The northern section of the Kruger National Park is an area of unique biodiversity. It's one of the few places where fever tree forests grow side by side with forests of giant baobabs. The trees line the banks of the Limpopo and Luvuvhu rivers: the slim, pale, luminescent green trunks of the fever trees glimmering between the massive dark brown trunks of the baobabs. It's easy to imagine you're in a Brothers Grimm story, where witches and fairies lurk around every corner.

When you stay at Pafuri Camp, one of the Kruger Park's private lodges, you're in the ancestral lands of the Makuleke people, who, in partnership with Wilderness Safaris, act as custodians and landlords of this wildly beautiful area. Local staff are trained and encouraged by experienced rangers and service staff from all over South Africa.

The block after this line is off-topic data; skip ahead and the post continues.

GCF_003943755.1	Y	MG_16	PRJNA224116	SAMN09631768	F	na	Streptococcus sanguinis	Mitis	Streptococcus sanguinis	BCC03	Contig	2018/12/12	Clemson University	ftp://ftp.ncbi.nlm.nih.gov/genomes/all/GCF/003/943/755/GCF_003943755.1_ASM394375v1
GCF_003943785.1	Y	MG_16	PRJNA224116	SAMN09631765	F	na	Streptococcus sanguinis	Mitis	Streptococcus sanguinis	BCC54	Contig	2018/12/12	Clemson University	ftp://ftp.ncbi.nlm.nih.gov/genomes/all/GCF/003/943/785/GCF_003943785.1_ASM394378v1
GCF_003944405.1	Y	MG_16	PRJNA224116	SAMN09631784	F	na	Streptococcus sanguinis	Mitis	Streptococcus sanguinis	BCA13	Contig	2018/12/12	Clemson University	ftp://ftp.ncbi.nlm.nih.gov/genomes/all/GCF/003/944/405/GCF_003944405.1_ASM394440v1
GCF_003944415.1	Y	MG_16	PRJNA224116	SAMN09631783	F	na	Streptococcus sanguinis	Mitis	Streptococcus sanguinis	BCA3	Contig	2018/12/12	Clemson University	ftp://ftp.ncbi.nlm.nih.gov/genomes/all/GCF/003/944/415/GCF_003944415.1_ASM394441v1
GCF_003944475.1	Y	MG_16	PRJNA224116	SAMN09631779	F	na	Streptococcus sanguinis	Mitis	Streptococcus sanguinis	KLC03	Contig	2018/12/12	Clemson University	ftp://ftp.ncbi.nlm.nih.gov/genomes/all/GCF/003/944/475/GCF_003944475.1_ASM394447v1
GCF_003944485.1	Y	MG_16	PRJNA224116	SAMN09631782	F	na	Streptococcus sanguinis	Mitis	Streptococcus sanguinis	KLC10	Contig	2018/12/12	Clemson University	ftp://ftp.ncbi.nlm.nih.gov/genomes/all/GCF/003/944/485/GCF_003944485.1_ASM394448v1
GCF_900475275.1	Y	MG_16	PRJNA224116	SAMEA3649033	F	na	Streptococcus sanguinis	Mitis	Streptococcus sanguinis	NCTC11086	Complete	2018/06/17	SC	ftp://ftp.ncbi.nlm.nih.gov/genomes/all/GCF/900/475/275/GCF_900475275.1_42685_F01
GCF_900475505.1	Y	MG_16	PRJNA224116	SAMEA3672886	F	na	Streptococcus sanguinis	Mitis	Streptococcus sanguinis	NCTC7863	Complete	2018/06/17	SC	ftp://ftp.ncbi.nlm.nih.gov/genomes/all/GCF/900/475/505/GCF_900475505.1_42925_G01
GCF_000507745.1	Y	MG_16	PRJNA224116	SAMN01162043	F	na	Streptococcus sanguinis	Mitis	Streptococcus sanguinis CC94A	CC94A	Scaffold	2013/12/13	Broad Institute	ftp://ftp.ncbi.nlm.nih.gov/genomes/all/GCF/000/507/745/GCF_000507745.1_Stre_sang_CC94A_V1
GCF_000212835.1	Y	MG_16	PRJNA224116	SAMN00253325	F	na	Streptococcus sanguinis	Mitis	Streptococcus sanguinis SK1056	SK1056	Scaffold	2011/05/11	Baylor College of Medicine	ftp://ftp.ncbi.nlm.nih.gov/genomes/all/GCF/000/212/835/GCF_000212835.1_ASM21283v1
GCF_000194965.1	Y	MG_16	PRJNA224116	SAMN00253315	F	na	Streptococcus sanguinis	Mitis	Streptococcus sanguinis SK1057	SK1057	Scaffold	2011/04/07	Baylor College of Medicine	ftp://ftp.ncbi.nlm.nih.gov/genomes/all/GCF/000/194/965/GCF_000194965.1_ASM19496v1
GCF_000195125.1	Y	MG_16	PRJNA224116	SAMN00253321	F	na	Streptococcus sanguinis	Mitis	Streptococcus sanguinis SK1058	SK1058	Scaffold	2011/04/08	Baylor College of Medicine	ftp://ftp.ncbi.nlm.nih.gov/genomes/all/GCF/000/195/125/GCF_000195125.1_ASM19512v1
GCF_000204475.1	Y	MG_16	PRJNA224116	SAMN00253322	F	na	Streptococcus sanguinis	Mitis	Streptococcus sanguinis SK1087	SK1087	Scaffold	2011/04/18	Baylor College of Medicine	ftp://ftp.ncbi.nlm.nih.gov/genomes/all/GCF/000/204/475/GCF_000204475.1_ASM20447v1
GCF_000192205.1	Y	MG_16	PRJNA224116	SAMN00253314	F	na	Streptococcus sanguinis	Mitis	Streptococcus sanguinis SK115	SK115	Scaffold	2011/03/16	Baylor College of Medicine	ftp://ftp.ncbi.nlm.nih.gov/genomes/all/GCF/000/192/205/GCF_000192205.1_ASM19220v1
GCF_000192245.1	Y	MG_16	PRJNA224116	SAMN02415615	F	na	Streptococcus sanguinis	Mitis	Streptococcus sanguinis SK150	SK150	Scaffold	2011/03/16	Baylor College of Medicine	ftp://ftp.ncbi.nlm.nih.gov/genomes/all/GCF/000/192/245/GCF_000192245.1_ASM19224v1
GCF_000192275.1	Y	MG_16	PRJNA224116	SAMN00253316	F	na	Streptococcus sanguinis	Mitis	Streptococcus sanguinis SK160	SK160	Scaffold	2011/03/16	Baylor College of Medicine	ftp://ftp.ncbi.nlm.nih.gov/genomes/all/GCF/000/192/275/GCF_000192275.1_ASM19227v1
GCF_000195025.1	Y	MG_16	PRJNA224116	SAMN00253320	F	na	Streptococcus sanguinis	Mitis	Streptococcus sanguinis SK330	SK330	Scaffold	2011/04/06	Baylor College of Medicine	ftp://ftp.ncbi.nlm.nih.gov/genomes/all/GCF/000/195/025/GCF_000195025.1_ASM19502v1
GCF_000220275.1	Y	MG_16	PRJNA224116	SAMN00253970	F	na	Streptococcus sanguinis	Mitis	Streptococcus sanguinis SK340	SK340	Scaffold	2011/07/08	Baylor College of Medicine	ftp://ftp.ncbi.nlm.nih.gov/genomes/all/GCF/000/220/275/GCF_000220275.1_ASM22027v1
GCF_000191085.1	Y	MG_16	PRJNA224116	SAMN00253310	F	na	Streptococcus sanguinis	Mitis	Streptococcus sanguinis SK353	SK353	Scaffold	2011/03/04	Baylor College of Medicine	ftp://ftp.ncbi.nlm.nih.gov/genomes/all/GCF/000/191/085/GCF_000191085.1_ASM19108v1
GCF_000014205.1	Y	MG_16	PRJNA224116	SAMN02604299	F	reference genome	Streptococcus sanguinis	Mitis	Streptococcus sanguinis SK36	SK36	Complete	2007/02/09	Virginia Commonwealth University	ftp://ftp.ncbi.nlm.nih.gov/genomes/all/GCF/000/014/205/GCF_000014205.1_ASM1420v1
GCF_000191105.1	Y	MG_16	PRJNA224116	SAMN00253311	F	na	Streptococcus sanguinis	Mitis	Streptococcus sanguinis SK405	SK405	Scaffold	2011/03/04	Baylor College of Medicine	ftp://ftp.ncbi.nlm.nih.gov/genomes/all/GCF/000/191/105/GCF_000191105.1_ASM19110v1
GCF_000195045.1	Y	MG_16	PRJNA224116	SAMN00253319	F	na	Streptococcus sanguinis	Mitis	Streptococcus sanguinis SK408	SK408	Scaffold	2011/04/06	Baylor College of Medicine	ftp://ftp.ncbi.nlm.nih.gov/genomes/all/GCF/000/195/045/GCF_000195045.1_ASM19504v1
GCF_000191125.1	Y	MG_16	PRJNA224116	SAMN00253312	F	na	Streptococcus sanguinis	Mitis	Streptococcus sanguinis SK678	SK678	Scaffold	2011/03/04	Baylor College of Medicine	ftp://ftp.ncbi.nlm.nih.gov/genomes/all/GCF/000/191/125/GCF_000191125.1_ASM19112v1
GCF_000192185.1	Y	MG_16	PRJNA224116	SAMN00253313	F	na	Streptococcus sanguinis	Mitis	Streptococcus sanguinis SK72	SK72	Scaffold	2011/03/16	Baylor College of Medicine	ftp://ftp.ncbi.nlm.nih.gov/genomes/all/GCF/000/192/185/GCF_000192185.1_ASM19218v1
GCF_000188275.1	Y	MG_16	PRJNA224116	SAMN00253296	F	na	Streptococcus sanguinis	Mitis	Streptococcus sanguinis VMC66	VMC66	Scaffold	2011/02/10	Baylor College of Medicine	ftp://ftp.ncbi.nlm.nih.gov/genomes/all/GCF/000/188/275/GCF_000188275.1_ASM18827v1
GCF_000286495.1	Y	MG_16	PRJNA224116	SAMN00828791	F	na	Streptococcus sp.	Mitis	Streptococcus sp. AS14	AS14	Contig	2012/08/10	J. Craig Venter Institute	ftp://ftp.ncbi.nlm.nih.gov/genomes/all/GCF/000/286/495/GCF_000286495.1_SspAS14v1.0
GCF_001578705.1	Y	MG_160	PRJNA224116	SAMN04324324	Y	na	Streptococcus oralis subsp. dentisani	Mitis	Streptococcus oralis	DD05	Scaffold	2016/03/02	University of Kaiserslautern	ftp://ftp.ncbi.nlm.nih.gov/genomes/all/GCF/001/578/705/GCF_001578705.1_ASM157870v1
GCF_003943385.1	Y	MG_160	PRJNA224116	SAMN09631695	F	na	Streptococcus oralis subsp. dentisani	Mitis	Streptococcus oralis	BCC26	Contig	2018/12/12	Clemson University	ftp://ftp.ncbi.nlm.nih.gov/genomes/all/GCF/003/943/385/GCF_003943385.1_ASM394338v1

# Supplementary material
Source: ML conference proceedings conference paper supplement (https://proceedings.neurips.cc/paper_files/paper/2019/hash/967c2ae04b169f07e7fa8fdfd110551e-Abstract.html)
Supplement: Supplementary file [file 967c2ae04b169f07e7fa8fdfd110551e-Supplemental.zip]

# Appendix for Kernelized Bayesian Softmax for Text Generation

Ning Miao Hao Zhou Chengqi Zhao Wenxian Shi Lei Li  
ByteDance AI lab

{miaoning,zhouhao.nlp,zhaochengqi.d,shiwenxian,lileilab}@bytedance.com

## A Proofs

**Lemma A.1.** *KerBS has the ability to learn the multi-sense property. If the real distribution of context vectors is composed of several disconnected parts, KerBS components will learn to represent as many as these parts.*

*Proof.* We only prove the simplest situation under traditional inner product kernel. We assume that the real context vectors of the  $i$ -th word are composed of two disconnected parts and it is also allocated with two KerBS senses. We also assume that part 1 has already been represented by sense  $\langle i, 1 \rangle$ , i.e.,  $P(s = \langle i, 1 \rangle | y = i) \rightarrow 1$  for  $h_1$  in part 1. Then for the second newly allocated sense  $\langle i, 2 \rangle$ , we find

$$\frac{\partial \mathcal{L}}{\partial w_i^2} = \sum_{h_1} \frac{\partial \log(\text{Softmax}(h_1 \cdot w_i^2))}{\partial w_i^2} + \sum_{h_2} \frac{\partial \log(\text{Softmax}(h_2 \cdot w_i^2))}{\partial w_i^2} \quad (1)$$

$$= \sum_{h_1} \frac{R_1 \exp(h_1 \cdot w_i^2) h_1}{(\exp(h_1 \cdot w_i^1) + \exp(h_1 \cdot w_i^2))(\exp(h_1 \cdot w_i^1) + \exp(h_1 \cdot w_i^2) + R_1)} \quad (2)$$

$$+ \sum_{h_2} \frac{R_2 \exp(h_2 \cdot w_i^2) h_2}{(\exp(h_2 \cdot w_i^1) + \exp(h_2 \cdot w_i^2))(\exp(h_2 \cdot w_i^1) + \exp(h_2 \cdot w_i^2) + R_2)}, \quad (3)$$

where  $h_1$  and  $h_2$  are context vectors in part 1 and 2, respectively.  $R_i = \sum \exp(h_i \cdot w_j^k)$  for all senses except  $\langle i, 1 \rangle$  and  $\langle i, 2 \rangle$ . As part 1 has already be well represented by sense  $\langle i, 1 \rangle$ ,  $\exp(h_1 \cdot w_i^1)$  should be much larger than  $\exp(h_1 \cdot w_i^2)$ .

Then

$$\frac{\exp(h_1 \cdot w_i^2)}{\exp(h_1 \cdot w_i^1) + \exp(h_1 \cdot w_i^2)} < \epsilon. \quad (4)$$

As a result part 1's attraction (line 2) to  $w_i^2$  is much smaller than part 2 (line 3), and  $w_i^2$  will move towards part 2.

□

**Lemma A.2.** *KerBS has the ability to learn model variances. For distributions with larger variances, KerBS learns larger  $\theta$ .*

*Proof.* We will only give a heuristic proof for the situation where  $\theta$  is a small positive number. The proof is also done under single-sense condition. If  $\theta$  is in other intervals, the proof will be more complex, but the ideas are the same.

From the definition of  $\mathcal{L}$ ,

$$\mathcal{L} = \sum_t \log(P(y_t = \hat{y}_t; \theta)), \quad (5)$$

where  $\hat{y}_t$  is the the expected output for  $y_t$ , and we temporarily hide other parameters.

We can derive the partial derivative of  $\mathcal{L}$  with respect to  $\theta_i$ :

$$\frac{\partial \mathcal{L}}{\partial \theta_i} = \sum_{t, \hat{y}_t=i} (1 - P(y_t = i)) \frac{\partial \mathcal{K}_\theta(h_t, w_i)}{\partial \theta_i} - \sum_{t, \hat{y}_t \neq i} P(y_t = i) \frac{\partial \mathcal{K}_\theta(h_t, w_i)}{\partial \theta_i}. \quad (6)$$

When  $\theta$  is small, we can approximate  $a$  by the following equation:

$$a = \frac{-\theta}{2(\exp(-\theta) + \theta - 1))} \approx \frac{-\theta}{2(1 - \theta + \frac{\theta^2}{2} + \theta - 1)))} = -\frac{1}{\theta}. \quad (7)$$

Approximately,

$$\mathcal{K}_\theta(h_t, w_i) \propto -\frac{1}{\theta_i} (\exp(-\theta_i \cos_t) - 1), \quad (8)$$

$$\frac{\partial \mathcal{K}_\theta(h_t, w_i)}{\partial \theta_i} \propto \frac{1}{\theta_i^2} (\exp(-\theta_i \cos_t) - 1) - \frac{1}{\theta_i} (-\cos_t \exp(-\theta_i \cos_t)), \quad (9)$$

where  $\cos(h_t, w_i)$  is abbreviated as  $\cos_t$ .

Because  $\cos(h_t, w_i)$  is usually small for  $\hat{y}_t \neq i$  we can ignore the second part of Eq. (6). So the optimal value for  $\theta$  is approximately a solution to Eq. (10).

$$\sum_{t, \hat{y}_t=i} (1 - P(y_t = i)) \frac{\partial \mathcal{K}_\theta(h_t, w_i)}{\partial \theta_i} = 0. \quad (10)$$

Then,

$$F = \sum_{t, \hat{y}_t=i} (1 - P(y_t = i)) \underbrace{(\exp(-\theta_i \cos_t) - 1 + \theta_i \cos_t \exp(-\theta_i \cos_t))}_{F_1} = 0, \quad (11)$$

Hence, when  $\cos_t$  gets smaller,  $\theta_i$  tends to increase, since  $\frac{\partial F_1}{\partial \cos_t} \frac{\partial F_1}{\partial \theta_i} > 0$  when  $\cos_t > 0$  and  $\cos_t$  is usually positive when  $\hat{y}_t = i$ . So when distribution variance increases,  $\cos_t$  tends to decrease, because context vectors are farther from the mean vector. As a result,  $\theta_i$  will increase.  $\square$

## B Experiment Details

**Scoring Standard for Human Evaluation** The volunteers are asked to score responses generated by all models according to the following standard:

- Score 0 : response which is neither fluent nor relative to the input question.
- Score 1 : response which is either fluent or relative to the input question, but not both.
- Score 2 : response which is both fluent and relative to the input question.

Your birding guide will spot a fleeting feather as easily as you can find your way around your home town. If you're looking for that special bird, they'll find it, entice it nearer with its own individual call, and then all you have to do is tick it off on your list. The crowned eagle, the wattle-eyed flycatcher, Bohm's spinetail, and of course, the elusive and highly sought-after Pels fishing owl, are some of the specials. The Big Five - lion, elephant, leopard, rhino, buffalo - is present, and you'll encounter elephants everywhere.

Well over a million years ago, Homo erectus walked and lived here. You'll be shown Stone-Age hand-axes and unexcavated dinosaur fossils.

Crooks' Corner, which links South Africa, Mozambique and Zimbabwe, is where the villains of yesteryear hung out. In winter, when the Limpopo is dry, they could run easily from one country to another, dodging the herds of elephants which take mud baths along the banks, and, like Kipling's Elephant's Child, make sloshy, schloopy mudcaps for themselves.

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